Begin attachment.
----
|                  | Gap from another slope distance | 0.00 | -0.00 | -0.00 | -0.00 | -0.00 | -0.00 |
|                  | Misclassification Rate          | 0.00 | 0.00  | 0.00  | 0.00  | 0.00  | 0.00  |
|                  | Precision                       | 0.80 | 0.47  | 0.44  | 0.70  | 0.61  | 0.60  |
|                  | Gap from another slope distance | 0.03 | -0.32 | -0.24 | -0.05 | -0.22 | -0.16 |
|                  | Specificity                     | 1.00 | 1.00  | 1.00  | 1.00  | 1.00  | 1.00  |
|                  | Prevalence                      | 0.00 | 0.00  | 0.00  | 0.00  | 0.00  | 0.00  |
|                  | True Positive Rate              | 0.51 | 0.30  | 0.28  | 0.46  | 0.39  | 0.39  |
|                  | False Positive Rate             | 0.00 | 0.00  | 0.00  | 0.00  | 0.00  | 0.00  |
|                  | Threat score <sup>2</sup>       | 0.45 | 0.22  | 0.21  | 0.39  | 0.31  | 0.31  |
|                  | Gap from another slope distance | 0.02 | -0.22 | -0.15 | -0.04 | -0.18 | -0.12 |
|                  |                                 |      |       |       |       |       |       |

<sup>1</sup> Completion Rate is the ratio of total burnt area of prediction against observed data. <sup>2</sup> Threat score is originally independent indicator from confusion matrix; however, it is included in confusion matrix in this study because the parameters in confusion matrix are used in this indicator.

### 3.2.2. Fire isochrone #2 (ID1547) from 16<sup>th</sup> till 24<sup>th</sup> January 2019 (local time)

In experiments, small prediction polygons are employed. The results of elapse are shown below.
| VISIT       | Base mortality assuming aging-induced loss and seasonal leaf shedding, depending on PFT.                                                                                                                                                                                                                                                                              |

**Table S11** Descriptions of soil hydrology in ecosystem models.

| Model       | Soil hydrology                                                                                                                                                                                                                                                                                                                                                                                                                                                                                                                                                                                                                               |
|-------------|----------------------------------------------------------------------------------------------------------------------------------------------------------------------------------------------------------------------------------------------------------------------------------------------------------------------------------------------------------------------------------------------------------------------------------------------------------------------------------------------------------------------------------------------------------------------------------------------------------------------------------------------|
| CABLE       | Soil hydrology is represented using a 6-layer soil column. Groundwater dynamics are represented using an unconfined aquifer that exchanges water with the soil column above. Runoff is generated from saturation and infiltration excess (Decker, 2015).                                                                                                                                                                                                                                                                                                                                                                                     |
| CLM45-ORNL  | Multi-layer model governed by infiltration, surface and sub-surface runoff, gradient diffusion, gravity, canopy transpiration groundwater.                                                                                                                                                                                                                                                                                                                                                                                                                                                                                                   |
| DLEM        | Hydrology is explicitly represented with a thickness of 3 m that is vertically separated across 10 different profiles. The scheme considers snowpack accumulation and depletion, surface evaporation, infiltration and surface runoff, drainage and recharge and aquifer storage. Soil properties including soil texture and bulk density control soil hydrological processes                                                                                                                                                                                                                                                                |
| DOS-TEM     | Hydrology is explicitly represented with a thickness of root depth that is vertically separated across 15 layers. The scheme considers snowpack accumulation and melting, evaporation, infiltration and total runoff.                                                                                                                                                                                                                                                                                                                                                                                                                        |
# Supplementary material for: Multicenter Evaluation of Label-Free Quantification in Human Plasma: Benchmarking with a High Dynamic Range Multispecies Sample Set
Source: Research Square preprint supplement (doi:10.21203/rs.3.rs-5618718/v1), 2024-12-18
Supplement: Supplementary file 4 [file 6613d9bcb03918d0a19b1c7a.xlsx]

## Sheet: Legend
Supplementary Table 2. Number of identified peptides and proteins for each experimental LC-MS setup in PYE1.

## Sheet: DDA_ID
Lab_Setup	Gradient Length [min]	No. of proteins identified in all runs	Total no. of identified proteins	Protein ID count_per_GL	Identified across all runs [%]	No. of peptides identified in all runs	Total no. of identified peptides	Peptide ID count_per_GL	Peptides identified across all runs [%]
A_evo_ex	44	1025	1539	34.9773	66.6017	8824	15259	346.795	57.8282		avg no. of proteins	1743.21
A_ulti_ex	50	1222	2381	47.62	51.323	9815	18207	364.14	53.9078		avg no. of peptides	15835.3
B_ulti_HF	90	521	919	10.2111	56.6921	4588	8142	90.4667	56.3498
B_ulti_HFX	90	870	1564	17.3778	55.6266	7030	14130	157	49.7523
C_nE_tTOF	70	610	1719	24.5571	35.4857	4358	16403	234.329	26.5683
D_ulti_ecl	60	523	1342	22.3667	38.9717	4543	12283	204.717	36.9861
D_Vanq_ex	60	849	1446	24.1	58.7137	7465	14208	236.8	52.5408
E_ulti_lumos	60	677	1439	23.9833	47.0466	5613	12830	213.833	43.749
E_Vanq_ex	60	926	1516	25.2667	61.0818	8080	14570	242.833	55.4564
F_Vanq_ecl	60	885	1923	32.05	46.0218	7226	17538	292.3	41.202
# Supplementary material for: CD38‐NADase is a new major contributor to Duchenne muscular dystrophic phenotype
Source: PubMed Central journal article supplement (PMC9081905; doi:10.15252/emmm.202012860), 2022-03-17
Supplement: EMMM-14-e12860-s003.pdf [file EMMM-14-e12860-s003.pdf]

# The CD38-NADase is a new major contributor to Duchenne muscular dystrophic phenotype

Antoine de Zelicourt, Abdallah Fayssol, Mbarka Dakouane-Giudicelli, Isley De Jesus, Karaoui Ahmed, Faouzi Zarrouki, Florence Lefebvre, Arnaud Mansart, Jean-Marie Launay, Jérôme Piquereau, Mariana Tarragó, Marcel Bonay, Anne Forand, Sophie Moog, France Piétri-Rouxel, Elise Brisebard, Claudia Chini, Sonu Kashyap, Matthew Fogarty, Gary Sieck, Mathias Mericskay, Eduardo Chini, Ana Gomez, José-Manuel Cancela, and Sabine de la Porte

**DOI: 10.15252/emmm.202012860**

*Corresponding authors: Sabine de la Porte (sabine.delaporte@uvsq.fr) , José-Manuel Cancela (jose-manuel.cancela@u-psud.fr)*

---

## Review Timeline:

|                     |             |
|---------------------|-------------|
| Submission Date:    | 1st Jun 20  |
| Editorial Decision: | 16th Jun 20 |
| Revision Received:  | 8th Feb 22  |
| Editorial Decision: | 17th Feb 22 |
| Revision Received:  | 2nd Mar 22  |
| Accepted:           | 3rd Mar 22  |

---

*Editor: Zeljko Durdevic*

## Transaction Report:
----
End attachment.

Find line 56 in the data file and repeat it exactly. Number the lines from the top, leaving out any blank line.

| Accepted:           | 3rd Mar 22  |